There came a point where the escalating difficulties and menacing clinic schedule were so formidable that I believed my attending would retort to either scheduling another online visit or arranging for an in-person visit to achieve any progress. To my surprise, with steady focus and inexorable patience, he instructed the patient to switch the phone audio. Once he had re-established voice communication, he proceeded to inquire about her concerns, systemically from most to least disturbing to her life. He set expectations: we had time to address the first two today and will do so to the very best of our ability. The patient then spoke uninterrupted —he listened. After careful ponderance, he decided that the best course of action was to move up her next in-person procedure visit and to include a scan as well. The quiver in Mrs. H’s voice lessened and her expression softened. She seemed far more content now. “Thank you, doctor,” she expressed. “I’m sorry about…earlier. I felt like you guys were forgetting about us, because…because we’re not dying with the virus. But you, you’re always very good to me, even if everything else looks different.”
What she said resonated with me. Despite what the virus had left in its wake, familiar empathy, thoroughness, and care extended by their providers were essential to patients like Mrs. H. I knew that my attending had many more patients to see and a long day ahead —he did not let any of this show through. Poised and composed, he made this patient his priority as he was prepared to do the same for the next patient and the one after and the one after.
Being a healthcare provider was never an easy feat: the fast pace, heavy workload and long hours make the profession challenging. A qualitative and sudden expansion of these challenges became a new reality during these trying times. The luxury of having the choice of not being exposed to the virus evaporated in the face of the commitment to care for the sickest among us. Many lost their lives while others had to continue working as their families and loved ones were afflicted. Every physician, nurse, physician assistant, medical assistant, and more has been integral to the sustained and smooth operating of the healthcare machine —in ophthalmology, hospital medicine, general surgery, and all other disciplines. However, they are not cogs in the machine: they are the machine. Whether in the form of reviving a patient with COVID in the ICU or preserving the sight of patients like Mrs. H through the pandemic, hard work and dedication in healthcare prevail —even beyond audio lags and frozen screens.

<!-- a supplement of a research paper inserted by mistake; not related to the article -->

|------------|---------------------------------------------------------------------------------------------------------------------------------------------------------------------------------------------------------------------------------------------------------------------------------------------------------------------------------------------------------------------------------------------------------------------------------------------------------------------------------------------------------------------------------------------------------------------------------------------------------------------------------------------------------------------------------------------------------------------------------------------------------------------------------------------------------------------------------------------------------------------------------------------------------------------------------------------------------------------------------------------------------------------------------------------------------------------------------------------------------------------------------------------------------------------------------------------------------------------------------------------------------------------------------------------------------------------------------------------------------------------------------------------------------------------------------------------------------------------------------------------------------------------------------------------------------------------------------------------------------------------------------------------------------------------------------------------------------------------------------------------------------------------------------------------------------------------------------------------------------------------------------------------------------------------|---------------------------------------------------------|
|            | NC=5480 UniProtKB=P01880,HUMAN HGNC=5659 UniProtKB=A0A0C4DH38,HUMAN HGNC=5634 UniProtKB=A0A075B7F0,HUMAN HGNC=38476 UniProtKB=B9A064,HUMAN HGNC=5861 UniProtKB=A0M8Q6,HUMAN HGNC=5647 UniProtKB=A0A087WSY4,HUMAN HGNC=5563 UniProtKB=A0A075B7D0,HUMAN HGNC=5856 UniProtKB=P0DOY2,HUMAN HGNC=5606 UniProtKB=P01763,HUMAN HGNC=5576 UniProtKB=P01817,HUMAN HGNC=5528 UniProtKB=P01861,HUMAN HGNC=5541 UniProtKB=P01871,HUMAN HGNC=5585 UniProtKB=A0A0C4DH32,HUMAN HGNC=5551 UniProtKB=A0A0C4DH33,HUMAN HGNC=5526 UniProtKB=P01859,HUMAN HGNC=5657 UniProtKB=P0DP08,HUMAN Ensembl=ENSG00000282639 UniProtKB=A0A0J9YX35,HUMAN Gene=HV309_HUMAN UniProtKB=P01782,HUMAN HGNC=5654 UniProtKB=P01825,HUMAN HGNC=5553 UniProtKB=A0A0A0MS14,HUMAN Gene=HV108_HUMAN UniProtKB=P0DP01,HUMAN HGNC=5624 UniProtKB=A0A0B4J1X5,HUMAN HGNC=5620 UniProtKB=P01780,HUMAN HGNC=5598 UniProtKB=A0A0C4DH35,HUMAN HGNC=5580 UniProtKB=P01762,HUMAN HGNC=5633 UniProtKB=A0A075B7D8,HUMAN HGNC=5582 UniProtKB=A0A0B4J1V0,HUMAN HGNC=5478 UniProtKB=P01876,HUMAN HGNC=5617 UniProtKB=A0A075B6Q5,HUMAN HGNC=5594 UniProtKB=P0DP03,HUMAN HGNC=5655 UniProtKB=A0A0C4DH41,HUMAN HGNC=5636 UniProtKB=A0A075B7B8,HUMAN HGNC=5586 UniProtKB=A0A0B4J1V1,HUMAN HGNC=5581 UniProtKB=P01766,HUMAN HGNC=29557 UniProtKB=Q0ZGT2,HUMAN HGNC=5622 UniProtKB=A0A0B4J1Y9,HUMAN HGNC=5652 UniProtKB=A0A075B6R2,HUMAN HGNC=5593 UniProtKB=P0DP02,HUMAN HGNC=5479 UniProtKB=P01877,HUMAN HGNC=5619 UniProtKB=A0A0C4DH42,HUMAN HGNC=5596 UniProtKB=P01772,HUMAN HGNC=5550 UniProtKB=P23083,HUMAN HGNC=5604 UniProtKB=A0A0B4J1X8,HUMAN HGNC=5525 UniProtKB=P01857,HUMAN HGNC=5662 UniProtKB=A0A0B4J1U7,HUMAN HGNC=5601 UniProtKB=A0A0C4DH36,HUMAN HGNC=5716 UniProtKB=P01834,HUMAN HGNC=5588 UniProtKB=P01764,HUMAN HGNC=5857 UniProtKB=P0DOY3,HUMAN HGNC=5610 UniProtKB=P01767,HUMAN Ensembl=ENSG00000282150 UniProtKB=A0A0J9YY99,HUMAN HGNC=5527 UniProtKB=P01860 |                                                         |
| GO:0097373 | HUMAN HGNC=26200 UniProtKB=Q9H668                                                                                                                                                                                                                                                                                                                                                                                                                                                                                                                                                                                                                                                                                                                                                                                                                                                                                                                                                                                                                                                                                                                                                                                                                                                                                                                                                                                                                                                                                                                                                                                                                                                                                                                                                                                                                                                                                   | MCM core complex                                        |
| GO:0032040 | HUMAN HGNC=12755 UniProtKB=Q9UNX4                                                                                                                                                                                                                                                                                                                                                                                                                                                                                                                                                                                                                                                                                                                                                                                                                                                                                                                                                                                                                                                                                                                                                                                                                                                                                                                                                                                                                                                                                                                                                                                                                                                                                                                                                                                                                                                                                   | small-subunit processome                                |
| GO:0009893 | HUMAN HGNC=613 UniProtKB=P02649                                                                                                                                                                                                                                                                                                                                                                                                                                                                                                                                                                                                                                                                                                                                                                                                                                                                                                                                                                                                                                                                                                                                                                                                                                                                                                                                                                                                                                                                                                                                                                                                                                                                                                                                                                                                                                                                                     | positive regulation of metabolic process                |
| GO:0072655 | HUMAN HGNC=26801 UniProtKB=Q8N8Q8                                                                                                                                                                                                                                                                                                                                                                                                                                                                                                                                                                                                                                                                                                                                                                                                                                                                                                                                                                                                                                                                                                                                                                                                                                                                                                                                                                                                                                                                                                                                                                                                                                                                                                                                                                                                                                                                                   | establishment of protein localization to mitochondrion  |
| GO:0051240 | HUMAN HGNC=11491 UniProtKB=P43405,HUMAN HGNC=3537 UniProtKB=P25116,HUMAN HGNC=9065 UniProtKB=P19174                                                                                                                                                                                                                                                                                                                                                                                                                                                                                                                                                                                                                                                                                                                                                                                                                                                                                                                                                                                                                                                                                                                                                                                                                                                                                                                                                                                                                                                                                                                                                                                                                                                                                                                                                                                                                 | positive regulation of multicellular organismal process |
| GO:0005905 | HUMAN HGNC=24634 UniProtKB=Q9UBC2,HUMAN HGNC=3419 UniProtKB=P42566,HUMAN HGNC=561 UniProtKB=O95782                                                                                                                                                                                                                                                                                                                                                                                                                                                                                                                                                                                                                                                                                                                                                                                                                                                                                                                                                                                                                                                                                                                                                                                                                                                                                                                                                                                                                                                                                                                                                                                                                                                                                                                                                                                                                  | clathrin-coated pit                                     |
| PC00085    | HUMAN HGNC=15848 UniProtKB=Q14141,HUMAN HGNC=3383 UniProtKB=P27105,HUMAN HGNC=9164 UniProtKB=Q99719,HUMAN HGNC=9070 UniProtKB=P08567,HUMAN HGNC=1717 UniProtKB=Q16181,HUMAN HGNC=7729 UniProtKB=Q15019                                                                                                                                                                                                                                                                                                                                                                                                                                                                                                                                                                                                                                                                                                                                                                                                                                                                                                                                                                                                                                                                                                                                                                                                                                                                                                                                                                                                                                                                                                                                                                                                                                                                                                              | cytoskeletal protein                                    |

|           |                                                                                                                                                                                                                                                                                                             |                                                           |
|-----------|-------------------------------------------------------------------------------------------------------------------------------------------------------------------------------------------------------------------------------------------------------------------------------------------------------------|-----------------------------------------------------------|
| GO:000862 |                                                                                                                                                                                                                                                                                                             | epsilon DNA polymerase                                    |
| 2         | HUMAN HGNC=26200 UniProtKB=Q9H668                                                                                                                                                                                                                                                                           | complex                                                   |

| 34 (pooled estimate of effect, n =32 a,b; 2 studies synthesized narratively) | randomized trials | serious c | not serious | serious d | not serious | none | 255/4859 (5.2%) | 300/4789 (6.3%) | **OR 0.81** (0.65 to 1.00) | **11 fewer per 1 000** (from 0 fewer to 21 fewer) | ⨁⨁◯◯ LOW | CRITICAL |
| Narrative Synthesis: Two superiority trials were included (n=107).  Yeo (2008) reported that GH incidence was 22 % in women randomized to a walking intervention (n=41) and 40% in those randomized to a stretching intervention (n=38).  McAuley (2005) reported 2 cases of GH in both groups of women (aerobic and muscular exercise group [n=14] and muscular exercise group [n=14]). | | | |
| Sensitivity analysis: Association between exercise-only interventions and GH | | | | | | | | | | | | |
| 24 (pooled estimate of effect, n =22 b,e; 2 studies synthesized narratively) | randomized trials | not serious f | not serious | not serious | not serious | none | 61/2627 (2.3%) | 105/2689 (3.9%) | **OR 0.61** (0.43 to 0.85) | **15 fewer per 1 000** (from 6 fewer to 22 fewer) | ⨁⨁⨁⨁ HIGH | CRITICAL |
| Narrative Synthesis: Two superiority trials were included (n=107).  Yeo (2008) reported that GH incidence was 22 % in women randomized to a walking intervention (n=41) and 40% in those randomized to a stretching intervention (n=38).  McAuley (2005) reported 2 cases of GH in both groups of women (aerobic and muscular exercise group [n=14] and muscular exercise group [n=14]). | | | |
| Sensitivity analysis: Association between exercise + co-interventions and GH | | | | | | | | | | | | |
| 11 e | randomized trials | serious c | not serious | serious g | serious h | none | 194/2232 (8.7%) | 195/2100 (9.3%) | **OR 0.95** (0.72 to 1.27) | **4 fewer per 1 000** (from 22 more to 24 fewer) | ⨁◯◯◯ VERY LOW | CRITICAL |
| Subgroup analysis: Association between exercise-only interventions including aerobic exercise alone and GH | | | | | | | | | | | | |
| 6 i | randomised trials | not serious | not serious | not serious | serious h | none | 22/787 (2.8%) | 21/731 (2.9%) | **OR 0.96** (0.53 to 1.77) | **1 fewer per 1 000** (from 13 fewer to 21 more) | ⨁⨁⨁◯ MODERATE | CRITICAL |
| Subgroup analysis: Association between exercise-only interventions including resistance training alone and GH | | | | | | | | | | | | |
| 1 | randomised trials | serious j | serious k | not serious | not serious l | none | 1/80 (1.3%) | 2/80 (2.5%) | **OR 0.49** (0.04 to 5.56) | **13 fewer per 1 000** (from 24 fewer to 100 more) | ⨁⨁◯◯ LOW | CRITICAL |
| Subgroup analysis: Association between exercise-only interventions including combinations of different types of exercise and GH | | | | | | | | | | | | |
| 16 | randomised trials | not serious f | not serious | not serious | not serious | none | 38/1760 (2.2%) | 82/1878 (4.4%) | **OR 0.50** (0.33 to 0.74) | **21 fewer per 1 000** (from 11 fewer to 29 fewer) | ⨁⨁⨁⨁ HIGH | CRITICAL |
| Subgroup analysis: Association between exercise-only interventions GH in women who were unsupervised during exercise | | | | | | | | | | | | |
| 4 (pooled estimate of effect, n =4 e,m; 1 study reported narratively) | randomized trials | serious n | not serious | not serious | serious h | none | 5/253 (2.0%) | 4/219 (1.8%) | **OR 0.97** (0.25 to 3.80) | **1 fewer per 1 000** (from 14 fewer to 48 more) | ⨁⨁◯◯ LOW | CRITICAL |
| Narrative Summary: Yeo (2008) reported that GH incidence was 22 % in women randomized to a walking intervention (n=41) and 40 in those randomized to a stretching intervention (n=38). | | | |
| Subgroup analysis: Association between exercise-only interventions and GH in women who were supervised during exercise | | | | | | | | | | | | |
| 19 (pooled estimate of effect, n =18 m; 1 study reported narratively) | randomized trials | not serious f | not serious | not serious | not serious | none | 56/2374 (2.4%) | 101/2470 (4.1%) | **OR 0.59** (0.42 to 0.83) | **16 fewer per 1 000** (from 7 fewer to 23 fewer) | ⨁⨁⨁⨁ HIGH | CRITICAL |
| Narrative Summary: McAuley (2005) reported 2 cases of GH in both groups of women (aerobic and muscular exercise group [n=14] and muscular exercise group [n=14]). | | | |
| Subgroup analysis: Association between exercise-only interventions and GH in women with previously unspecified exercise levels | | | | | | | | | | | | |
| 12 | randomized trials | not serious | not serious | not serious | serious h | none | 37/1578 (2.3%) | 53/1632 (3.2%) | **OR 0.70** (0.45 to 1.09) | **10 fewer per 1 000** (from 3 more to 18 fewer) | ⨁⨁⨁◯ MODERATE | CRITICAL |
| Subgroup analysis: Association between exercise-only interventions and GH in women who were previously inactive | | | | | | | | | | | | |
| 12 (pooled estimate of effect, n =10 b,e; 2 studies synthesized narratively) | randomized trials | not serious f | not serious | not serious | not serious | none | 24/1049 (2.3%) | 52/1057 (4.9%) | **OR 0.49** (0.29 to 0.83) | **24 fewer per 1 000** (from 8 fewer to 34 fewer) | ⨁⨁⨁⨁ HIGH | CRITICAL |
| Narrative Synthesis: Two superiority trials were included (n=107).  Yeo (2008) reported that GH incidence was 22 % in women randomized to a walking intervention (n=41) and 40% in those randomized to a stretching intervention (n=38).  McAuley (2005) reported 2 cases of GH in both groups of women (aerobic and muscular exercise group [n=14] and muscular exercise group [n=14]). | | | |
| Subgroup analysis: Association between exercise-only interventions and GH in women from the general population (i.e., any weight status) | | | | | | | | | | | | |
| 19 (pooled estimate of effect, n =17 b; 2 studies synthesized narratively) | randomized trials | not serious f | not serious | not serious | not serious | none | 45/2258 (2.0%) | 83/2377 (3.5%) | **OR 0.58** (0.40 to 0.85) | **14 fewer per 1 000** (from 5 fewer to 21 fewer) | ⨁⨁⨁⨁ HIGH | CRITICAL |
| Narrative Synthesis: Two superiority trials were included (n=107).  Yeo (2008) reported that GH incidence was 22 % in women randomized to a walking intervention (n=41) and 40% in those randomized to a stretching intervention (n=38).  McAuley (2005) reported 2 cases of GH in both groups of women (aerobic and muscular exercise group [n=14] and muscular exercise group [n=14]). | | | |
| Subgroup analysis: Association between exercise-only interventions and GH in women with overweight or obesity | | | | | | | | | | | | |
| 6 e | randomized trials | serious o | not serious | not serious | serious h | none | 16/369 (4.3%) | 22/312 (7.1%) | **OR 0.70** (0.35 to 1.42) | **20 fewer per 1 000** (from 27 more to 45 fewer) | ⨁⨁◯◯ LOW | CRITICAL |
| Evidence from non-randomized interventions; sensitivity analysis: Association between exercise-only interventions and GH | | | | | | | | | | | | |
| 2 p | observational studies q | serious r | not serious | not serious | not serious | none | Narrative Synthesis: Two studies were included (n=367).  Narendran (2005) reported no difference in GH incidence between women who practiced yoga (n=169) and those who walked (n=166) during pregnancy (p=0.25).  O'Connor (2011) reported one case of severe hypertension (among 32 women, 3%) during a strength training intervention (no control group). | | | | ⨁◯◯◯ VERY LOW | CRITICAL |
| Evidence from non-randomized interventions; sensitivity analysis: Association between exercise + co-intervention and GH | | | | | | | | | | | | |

Author Description: Throughout my medical school career, I have been fortunate to learn the art of compassionate care from both inspiring patients and ophthalmologists. This essay came about seamlessly as I reflected on the ophthalmologist-patient relationship during the coronavirus pandemic and the way in which empathy and compassion transcend even the most challenging global crises. It describes challenges and adaptations in the ophthalmology world and highlights a patient-provider encounter that is permanently etched into my memory and that continues to fuel my journey as an ophthalmologist-in-training. Finally, this essay was also a way for me to communicate my respect and appreciation for the work and dedication of healthcare workers during these difficult times.
Download a copy of Reflections on the Practice of Ophthalmology in a Pandemic – Lyna Azzouz
Bio: Lyna Azzouz is a fourth-year medical student at the University of Michigan and currently applying for ophthalmology residency . I was born and raised in Algeria (North Africa) and moved to the US at the age of 15. My passions include art, narrative medicine, medical education reform, and health advocacy.